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BHP Billiton - Higher interim profits and dividend

George Salmon | 21 February 2017 | A A A
BHP Billiton - Higher interim profits and dividend

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Operating cost improvements, combined with higher prices for all the group's major commodities, helped interim profits rise sharply. Half year earnings and the dividend were both slightly above analyst expectations. The shares rose 1.5% on the news.

Our view

BHP should be a giant cash machine. Digging up iron ore for $15 a tonne then selling it for $55 is a pretty straightforward business model. It's much the same story in the group's oil business.

However, there is only so much that BHP can control. Not so long ago, a downturn in China saw commodity prices, and so group earnings, fall dramatically. With the debts taken on before the commodity crash hanging over the group, it was forced to focus on repairing the balance sheet, and scrapped the progressive dividend policy. Going forwards, BHP says it will pay out a minimum of 50% of earnings. In a highly cyclical industry, this seems a more sensible approach.

No miner is without risk; BHP investors will be well aware of the disruptive industrial action at Escondida, and ongoing fall-out from the Samarco dam disaster. However, even at the bottom of the cycle, many of BHP's Western Australian iron ore assets were robustly profitable. We feel such high-quality assets make the group one of the big, diversified miners best placed to weather the cycle.

At present, the group's decision to pay out more than the minimum percentage of earnings targeted by the dividend policy is symptomatic of the more favourable conditions in the sector. In the longer term, investors should remember that since the dividend is now a function of the bottom line, it could well jump around a bit in the years to come.

Half year results:

Underlying earnings before interest, tax, depreciation and amortisation (EBITDA) increased 65% to $9.9bn.

In line with the policy to pay out a minimum of 50% of earnings, the half interim dividend is 40 cents per share, two thirds of basic earnings per share. This amounts to a payment of $2.1bn, which is more than covered by the group's free cash flow of $5.8bn.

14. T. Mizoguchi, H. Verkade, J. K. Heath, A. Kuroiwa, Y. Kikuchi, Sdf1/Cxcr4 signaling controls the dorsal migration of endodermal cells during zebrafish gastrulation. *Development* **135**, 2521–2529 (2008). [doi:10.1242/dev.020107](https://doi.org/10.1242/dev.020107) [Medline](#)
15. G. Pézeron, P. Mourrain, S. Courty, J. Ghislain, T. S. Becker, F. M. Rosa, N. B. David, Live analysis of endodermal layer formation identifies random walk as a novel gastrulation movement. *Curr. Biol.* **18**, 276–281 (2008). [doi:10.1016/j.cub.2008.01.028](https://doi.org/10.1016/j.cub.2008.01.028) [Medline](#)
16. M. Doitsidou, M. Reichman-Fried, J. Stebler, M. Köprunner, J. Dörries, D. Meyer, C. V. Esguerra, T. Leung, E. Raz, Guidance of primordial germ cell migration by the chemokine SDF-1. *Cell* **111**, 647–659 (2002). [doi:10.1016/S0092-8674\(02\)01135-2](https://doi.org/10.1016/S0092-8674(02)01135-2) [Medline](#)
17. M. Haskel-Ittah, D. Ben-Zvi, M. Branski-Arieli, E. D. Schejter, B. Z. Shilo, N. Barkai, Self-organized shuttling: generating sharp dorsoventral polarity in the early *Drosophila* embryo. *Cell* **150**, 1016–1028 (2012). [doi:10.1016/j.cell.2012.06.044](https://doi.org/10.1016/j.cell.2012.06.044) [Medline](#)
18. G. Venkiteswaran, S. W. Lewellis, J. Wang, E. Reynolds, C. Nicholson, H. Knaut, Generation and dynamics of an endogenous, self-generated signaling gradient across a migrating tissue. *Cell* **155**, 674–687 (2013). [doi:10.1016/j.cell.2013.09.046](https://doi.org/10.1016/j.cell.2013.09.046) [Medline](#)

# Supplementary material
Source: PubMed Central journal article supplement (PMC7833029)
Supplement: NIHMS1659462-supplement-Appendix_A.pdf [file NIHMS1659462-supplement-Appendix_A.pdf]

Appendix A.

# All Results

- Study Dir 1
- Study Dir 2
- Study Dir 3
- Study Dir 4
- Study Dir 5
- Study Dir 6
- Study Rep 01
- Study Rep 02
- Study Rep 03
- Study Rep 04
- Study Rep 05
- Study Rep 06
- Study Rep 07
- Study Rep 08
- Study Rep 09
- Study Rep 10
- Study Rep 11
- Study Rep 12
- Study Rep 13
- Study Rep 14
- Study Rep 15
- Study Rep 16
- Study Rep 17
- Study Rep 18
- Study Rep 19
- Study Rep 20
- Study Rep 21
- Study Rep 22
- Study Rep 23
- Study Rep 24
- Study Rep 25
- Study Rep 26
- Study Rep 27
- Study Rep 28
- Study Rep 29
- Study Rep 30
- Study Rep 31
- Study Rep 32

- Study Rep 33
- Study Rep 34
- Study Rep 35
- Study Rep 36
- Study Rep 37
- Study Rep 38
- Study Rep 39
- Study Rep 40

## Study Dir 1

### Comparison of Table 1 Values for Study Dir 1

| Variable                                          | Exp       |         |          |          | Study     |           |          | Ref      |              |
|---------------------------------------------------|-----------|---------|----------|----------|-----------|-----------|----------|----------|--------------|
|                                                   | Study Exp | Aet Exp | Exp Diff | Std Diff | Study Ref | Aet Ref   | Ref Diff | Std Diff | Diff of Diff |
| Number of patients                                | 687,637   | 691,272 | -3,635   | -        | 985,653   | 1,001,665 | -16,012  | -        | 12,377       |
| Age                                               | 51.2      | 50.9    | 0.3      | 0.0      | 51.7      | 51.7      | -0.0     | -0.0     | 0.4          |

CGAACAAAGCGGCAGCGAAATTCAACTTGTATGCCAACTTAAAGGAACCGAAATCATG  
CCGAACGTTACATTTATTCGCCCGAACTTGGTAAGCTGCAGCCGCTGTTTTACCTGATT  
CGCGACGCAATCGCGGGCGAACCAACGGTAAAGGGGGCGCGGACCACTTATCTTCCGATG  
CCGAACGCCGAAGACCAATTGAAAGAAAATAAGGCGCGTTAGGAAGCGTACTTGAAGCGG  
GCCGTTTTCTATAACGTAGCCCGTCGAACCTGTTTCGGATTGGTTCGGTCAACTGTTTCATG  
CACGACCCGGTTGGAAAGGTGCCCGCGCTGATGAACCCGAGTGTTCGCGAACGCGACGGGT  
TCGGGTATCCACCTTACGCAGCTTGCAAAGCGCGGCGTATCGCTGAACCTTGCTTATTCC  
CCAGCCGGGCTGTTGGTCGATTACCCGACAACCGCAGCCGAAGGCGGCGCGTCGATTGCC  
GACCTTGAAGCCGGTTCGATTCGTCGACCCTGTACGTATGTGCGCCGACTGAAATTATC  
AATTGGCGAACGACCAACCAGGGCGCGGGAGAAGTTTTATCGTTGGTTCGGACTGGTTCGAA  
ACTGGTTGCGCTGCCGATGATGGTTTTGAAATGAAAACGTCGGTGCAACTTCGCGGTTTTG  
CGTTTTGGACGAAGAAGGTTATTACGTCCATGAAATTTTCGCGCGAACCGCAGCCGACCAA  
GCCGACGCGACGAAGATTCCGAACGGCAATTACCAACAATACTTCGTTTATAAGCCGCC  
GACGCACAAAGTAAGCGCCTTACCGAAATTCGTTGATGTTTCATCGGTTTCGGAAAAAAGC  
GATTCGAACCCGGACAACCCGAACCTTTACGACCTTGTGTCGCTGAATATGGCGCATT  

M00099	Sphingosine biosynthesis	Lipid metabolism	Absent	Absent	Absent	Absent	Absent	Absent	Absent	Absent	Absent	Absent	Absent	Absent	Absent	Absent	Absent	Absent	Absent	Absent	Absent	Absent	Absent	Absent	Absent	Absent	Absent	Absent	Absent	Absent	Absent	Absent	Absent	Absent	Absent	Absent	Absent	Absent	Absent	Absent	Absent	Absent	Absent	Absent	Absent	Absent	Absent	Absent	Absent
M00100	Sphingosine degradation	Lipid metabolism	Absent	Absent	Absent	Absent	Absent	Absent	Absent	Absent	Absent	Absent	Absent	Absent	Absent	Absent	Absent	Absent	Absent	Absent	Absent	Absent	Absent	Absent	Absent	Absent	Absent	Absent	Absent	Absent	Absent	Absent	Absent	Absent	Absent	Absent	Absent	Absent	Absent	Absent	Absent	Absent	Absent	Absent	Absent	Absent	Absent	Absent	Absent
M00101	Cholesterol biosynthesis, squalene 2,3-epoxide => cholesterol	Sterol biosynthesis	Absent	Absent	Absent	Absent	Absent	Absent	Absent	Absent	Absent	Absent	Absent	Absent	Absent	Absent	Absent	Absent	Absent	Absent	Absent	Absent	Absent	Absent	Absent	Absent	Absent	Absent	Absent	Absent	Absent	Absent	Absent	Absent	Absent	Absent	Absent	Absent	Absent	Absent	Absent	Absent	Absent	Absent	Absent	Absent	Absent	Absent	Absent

Net debt has fallen by $6bn to $20.1bn, with the gearing ratio (a commonly used measure of miners' indebtedness) dropping from 30.3% to 24.3%.

Capital expenditure of $2.7bn is 38% down on the first half last year. Expectations for full year spending have been nudged up slightly to $5.6bn, reflecting the successful bid for Mexican oilfield Trion and positive drilling results at LeClerc (Caribbean) and Caicos (Gulf of Mexico).

As a result of ongoing industrial action at Escondida (Chile), copper production guidance for the 2017 financial year is under review. The copper business contributed around 17% to underlying EBITDA in the half. Production guidance remains unchanged in the iron ore (c. 42% of EBITDA), coal (c. 20%) and petroleum (c. 20%) divisions.

Unless otherwise stated, all estimated figures, including prospective dividend yields, are taken from a consensus of analyst forecasts compiled by Thomson Reuters. These estimates should not be taken as a reliable indicator of future performance.

This article is not advice or a recommendation to buy, sell or hold any investment. No view is given on the present or future value or price of any investment, and investors should form their own view on any proposed investment. This article has not been prepared in accordance with legal requirements designed to promote the independence of investment research and is considered a marketing communication. Non-independent research is not subject to FCA rules prohibiting dealing ahead of research, however HL has put controls in place (including dealing restrictions, physical and information barriers) to manage potential conflicts of interest presented by such dealing. Please see our full non-independent research for more information.

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